Editor’s Note: Miles Davis would have been 90 years old today. Throwback Thursday looks at his landmark album “Kind of Blue.” The original article appeared at ChicagoBlues.com on October 16th, 2014. Thanks to them for allowing us to share this with our fans.
While not specifically blues, Kind of Blue, by Miles Davis has had a profound influence on blues as a whole. Released in August of 1959 on the Columbia label, this album sucked all the oxygen out of the room as far as the music world was concerned.
Charlie Parker and Dizzy Gillespie had turned the jazz world upside down in the 1940s with their introduction of bebop, where improvisation of melodies was based on chord changes. Another trademark of the style was solos and runs that were played at breakneck speeds. This made for some remarkable technical displays and powerful statements. One needs only listen to Town Hall, New York City, June 22, 1945, to get a taste of this.
By 1959, Davis was looking for something new. He had a phenomenal band at this point and was looking for that next level. The band was Cannonball Adderley – alto sax, Paul Chambers – bass, Jimmy Cobb – drums, John Coltrane – tenor sax, Bill Evans – piano, and Davis on trumpet. Wynton Kelly plays piano on Freddie Freeloader.
George Russell, a friend of Davis’ shined the light that led Davis out of the cave that was bebop. Basically, instead of basing everything on chord changes, players would base their journeys on scales or modes. This was less restrictive in that the choices of direction taken were endless. As Russell put it, “It is for the musician to sing his own song really, without having to meet the deadline of a particular chord.” He continued, “You are free to do anything as long as you know where home is.”
Whereas previous to this, piano players accompanied playing chords for changes, and since this was to be music based not on chords, but modes, a change was needed. Bill Evans was the pianist selected to play this upcoming session. Evans was not one for playing the root of any given chord, but instead played a note that suggested the chord. This arrangement allowed much more freedom.
So, when Davis showed up at the sessions, all he had were sketches of basic themes. The players were given complete freedom to play their own lines, relative to these “sketches.” This is one reason that the music here sounds so spontaneous. That’s because it IS. The artists are literally composing it as they play it.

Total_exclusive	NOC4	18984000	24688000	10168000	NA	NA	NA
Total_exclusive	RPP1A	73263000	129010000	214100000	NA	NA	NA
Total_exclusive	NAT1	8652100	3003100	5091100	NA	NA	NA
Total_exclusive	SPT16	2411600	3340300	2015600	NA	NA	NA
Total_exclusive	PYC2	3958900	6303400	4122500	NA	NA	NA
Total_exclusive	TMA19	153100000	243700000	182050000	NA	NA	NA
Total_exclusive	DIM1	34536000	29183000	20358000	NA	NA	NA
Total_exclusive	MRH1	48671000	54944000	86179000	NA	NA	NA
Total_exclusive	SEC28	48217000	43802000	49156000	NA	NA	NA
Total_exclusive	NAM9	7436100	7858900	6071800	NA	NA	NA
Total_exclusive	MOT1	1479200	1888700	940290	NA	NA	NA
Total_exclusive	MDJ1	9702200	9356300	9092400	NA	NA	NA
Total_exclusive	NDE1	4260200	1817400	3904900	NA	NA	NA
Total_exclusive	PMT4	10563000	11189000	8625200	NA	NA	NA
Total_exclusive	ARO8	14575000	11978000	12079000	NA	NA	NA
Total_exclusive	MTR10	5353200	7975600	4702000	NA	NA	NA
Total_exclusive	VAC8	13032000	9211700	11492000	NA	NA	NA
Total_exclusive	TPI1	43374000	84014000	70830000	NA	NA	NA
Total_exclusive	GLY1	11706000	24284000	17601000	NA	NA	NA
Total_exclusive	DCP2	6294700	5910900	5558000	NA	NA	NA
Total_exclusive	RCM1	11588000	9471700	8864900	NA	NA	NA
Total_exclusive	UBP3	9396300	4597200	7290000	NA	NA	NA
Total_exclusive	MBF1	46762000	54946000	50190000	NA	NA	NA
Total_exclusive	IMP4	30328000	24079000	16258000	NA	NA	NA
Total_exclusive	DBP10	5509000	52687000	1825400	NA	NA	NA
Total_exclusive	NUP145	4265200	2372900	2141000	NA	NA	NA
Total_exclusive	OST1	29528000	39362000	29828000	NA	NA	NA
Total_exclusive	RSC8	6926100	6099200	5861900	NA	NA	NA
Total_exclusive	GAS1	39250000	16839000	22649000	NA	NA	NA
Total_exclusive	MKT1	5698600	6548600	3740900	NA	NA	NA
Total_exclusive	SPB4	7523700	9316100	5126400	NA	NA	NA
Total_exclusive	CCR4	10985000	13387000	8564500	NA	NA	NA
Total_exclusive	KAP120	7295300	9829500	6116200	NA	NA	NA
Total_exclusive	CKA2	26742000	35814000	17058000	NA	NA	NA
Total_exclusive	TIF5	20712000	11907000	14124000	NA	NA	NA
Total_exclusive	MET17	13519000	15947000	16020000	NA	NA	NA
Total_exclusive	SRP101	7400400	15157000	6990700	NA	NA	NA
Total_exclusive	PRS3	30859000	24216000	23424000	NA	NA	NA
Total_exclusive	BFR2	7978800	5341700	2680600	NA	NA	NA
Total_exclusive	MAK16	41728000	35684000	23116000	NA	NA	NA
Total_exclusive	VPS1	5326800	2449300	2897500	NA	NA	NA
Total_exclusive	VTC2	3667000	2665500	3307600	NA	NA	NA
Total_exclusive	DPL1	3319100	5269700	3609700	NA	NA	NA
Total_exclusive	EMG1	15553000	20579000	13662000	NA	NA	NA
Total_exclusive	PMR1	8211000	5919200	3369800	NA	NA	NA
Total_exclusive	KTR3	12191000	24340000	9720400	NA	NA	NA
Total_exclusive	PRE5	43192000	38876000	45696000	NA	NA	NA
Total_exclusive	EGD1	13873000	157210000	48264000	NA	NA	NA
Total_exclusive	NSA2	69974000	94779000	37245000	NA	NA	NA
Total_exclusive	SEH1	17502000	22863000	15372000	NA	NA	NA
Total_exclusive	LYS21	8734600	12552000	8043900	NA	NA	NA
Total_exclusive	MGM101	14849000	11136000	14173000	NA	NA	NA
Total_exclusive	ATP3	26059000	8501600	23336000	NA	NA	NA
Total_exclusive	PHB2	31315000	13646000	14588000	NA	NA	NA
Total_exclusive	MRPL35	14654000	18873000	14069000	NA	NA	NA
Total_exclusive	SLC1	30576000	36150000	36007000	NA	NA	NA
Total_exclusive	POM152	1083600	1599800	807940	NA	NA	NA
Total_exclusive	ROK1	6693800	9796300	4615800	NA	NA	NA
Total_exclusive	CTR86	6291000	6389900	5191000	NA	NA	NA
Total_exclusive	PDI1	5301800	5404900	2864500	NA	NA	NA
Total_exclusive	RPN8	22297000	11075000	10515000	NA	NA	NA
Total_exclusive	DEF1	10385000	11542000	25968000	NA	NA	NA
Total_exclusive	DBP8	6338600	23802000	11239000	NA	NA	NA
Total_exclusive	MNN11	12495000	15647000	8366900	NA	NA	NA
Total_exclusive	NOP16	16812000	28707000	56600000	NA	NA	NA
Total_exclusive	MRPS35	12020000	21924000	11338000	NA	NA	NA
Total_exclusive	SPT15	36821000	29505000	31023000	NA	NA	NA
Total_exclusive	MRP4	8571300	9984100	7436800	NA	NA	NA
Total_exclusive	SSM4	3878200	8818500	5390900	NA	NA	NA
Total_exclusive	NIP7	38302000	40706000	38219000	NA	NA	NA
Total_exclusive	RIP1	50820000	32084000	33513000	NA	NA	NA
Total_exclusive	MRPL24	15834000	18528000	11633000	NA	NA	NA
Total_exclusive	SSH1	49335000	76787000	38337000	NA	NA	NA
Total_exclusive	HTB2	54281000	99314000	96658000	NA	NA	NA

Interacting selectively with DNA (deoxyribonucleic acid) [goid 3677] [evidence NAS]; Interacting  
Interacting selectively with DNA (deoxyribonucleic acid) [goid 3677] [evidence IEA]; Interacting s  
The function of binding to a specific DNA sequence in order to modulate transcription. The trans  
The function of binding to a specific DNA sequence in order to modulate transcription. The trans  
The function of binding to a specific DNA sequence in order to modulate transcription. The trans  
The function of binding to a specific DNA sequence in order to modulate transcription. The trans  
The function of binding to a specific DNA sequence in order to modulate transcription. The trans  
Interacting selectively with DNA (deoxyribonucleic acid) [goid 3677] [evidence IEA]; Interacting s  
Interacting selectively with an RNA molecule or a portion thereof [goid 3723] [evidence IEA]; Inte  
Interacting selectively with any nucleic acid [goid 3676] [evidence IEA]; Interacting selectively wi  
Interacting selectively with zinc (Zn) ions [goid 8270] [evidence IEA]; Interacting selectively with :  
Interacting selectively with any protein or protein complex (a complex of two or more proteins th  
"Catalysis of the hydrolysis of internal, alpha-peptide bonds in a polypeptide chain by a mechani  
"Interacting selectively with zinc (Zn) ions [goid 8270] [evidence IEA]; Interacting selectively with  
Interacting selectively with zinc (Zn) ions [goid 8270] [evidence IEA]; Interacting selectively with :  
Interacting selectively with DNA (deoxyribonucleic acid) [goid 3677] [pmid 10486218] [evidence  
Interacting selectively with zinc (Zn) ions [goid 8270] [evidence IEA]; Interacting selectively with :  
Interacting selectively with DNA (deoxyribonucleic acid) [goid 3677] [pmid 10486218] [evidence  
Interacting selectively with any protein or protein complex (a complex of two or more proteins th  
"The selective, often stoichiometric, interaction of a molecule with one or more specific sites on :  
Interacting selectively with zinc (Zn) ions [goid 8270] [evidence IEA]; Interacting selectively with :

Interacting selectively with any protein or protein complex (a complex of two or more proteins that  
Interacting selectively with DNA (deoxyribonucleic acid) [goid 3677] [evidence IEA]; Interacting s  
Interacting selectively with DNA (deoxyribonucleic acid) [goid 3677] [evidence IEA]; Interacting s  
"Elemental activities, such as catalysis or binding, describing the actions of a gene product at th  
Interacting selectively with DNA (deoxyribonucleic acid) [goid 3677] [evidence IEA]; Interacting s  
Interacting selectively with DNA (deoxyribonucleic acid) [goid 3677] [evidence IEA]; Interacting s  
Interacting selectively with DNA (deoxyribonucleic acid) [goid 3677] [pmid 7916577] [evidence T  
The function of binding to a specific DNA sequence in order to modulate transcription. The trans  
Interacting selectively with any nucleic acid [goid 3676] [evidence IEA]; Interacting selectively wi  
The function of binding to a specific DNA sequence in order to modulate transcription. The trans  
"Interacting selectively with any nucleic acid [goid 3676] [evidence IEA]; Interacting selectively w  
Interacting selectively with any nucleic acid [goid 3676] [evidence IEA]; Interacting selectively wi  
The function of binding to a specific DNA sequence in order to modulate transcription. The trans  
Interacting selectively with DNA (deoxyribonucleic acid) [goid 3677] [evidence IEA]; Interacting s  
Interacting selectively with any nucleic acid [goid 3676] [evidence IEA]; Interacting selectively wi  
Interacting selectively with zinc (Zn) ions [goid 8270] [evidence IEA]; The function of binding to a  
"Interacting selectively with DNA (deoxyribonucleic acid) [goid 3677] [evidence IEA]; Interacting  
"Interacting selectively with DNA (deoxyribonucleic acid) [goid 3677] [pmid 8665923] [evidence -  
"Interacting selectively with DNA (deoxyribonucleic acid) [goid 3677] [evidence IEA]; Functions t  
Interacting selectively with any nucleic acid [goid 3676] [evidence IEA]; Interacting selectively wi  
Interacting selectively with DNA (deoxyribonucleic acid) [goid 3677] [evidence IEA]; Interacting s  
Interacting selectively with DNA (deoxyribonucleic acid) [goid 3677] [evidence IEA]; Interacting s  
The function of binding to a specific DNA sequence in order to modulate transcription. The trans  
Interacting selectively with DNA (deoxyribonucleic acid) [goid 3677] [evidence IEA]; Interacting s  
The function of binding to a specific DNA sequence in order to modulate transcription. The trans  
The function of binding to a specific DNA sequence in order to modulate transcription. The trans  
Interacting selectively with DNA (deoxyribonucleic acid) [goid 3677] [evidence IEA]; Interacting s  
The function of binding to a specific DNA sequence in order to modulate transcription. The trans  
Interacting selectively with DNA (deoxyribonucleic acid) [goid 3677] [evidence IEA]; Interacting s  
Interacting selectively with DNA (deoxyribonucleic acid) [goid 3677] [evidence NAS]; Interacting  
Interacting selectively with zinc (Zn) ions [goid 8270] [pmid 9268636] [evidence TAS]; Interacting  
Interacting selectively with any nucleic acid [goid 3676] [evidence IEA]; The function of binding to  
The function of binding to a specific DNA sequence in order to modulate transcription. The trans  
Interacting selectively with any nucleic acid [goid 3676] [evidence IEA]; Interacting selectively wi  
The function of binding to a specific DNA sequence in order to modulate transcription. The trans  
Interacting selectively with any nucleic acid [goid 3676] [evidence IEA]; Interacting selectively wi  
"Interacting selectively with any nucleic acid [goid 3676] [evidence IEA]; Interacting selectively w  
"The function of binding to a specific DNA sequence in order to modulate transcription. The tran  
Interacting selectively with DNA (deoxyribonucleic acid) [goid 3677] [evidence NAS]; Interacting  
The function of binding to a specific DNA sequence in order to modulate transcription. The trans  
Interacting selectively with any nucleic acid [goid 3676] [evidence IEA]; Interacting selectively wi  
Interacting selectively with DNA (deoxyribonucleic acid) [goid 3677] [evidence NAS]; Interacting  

At just over 55 minutes, there are many aspects of Kind of Blue that contribute to its awe-inspiring dexterity. The mix on this album is as perfect as a Cherry Blossom bloom. The sound quality is excellent. Davis had unshackled the band from the confines of the past and told them to go forth and create. And create they did. Individually, their playing is stunning. We are privy to witnessing their rebirth as musicians. What makes the music though, is the synchronicity of everyone’s lines together.
Another facet of this album is that we begin to see Davis (and everyone else) practicing the “less is more” method of playing. The notes that are not played, the pauses, let the music breathe and say as much as what is played. This was completely opposite from trying to play as many notes as possible in a given space, as Bird and Dizzy were masters of doing.
This music had subtleties within subtleties. It had finesse and panache at the same time, without beating listeners over the head. They could follow this, and lose themselves in the music without consciously having to try to “keep up” with everything going on.
This might be jazz, but it was also blues. Sweet, elegant, sexy, alluring, soulful, radiant, and glorious blues.
The implications and reach of this album have been astonishing. It is unquestionably regarded as the best jazz album ever made. It freed musicians from the past and allowed them to approach their craft in a whole new light. It influenced jazz. It also informed rock and blues as well. Listen to live versions of “Hoodoo Man Blues” or “Scratch My Back.” Yes, of course they are blues, but what makes these tracks particularly satisfying is their almost free-form essence. Listen to the Yes album or Fragile, also by Yes. There’s that same spirit of free from exploration in the delivery.
There is not a single musician I know that does not have at least one copy of Kind of Blue in their collection. You do too. It’s right there, sandwiched between Jack Johnson and Bitches Brew. Put it on and fall in love all over again.